• Use “I feel” statements - Many times in an argument it’s easy to say “You do this…” or “You did that”.  That automatically puts the individual on the defensive and they’ve stopped hearing what you’re saying.  I feel statements speak from your perspective.  It isn’t an attack on the other person, you are merely stating your feelings.

Here are some examples of I feel statements:

“I feel frustrated when you interrupt me mid-sentence”

“I feel embarrassed when you tease me in front of our friends”

“I feel loved the most, when you make me breakfast on the weekends”

  •  Reflective listening - This may seem a little robotic when you first begin to practice it but it is a great way to make sure that the message being said is the one you are hearing. Have you ever played the game Telephone? The game where you start whispering a message from one person to another, and the last person in the circle says it out loud? Very often the original message is mixed up along the way.  This happens very frequently in the communication process.  To practice reflective listening, one partner begins with a sentence.  The second partner listens to the message and repeats it back to the first partner.  Then the first partner confirms if that message is correct.  Keep in mind, we can often hear things incorrectly.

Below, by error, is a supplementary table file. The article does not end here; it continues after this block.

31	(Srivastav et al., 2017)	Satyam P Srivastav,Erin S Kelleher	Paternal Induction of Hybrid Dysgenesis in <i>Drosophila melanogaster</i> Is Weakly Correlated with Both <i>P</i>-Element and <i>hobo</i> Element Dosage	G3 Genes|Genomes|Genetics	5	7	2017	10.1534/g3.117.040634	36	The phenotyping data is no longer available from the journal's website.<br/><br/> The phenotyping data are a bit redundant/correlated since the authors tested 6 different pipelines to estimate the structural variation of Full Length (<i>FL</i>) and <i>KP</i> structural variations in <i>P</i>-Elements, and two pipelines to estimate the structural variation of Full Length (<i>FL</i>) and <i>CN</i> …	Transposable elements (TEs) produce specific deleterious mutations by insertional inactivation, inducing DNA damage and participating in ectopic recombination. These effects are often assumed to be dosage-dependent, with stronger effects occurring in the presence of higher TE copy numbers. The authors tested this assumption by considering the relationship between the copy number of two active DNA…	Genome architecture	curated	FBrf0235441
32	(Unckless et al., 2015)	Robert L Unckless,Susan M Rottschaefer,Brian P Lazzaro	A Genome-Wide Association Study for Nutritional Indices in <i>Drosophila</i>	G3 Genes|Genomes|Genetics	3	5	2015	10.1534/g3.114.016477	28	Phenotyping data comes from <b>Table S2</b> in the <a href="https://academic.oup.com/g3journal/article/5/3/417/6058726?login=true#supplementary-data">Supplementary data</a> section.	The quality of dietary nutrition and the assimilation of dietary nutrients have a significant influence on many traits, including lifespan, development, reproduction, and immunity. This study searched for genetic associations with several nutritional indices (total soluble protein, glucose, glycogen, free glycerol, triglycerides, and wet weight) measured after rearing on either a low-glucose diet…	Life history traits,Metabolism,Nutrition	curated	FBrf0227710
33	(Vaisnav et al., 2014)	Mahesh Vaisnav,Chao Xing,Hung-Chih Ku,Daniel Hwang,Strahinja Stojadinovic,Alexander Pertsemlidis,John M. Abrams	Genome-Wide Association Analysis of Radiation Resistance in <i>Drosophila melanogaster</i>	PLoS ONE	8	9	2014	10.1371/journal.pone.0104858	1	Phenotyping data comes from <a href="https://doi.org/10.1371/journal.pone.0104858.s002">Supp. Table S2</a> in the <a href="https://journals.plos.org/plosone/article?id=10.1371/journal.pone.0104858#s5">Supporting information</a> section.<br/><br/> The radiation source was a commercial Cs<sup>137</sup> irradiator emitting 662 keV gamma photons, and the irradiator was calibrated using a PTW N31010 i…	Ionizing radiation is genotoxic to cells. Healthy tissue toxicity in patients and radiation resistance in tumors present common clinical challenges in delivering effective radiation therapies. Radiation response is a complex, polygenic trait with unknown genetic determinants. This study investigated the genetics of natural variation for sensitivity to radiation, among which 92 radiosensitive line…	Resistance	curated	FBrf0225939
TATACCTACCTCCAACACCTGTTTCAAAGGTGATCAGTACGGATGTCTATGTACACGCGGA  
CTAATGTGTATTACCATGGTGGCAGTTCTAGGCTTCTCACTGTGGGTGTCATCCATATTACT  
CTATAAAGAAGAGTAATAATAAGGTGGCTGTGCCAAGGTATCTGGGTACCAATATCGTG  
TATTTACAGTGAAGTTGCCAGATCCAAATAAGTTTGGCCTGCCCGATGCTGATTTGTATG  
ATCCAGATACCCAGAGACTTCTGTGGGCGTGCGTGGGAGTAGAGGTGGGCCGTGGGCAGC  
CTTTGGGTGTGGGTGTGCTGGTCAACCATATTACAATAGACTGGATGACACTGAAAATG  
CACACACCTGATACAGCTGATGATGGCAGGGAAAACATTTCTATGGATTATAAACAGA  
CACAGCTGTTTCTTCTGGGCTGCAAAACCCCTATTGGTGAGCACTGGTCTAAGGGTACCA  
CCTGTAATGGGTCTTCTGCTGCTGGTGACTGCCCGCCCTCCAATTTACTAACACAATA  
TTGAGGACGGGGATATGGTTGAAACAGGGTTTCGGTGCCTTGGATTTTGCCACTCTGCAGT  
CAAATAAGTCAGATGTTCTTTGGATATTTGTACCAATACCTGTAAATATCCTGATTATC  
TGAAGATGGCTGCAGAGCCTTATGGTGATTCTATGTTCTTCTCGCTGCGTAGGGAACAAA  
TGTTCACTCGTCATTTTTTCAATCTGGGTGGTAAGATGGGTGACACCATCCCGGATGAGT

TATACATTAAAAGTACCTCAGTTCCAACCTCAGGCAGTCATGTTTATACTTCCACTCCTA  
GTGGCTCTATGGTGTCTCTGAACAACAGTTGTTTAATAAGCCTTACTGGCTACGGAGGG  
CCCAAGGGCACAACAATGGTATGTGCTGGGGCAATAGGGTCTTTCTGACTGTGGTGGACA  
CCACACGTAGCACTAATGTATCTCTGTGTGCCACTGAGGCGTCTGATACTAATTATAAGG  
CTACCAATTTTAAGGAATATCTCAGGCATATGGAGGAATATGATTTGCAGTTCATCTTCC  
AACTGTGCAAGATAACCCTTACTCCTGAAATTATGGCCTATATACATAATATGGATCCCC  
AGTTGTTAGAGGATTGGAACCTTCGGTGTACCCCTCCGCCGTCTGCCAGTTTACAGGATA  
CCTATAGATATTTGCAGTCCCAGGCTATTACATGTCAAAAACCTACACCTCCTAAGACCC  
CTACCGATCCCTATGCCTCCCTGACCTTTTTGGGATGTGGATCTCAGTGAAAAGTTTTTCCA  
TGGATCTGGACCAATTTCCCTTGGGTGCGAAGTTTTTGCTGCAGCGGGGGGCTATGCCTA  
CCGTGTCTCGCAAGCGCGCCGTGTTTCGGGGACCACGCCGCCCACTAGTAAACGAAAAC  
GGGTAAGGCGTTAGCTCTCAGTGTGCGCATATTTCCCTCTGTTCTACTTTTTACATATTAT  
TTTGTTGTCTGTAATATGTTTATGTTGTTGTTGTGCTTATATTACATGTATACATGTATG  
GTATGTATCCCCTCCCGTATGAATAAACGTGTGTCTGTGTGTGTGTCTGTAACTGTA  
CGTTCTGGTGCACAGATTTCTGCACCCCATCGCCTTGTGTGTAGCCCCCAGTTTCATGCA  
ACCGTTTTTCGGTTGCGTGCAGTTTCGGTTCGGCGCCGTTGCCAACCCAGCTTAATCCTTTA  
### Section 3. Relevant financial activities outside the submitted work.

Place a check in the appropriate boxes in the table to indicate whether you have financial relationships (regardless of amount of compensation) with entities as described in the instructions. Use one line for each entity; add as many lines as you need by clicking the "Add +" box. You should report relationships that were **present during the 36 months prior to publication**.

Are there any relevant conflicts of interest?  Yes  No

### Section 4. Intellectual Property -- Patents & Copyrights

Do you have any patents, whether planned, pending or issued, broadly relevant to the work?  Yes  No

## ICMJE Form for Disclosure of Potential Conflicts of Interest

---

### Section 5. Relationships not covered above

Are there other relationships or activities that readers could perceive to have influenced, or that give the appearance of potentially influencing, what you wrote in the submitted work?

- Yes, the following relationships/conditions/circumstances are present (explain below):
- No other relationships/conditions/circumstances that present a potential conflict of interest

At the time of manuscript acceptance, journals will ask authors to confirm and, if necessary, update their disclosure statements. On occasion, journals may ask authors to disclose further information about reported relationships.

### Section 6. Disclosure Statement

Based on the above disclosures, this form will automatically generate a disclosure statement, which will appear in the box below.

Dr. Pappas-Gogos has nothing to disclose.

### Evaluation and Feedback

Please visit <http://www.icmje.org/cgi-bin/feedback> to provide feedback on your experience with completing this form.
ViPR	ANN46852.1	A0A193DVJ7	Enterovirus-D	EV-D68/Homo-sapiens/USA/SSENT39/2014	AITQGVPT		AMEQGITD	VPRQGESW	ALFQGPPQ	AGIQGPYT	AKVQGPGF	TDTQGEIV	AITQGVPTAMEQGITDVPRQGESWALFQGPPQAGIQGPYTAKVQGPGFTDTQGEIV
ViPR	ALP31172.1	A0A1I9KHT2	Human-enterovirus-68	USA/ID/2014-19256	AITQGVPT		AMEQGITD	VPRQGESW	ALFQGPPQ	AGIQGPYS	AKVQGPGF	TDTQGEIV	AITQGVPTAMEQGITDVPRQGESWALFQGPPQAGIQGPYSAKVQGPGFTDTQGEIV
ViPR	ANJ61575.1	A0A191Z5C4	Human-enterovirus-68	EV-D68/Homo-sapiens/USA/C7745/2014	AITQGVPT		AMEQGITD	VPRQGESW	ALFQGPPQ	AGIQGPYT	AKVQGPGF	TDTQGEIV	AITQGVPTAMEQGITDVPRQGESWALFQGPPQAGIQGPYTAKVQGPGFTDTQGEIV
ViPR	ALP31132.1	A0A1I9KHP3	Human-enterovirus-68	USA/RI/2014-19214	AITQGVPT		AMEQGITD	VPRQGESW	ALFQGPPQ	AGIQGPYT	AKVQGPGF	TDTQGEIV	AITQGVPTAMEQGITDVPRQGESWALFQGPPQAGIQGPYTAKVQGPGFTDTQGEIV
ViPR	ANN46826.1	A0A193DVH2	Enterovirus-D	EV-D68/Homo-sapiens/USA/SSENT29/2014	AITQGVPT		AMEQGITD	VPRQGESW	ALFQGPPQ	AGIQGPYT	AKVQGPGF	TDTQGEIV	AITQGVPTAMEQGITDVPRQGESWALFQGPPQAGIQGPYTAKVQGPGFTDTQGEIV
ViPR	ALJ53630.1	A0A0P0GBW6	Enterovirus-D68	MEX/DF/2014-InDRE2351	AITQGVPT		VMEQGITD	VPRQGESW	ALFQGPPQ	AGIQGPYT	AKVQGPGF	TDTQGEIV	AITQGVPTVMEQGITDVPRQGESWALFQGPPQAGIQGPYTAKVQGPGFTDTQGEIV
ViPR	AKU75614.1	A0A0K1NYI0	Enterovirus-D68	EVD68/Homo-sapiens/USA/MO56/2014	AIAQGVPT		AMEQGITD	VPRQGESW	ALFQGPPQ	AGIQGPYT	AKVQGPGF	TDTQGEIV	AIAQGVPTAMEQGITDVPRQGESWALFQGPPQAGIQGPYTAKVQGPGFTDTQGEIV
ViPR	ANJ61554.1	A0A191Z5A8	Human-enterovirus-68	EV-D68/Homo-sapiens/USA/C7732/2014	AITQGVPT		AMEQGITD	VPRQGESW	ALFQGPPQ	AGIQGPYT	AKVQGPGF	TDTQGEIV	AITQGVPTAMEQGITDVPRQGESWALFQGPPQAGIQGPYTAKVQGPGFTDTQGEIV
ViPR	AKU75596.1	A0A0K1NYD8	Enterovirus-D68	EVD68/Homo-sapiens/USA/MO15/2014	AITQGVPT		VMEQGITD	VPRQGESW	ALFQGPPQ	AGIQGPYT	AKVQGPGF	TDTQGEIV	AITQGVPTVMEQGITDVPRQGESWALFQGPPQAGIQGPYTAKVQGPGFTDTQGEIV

Example hearing correctly:

Partner 1: “I feel anxious when you make financial decisions without me”

Partner 2: (reflecting back) When I make financial decision without you, it makes you feel anxious”

Partner 1: “Yes you heard me correctly”.

 Example hearing incorrectly:

 Partner 1: “I feel anxious when you make financial decisions without me.”

Partner 2: “You don’t trust me to make decisions on my own."

Partner 1: “No, that’s not what I said.  I trust your decision making process, but I do feel anxious when decisions are made without me."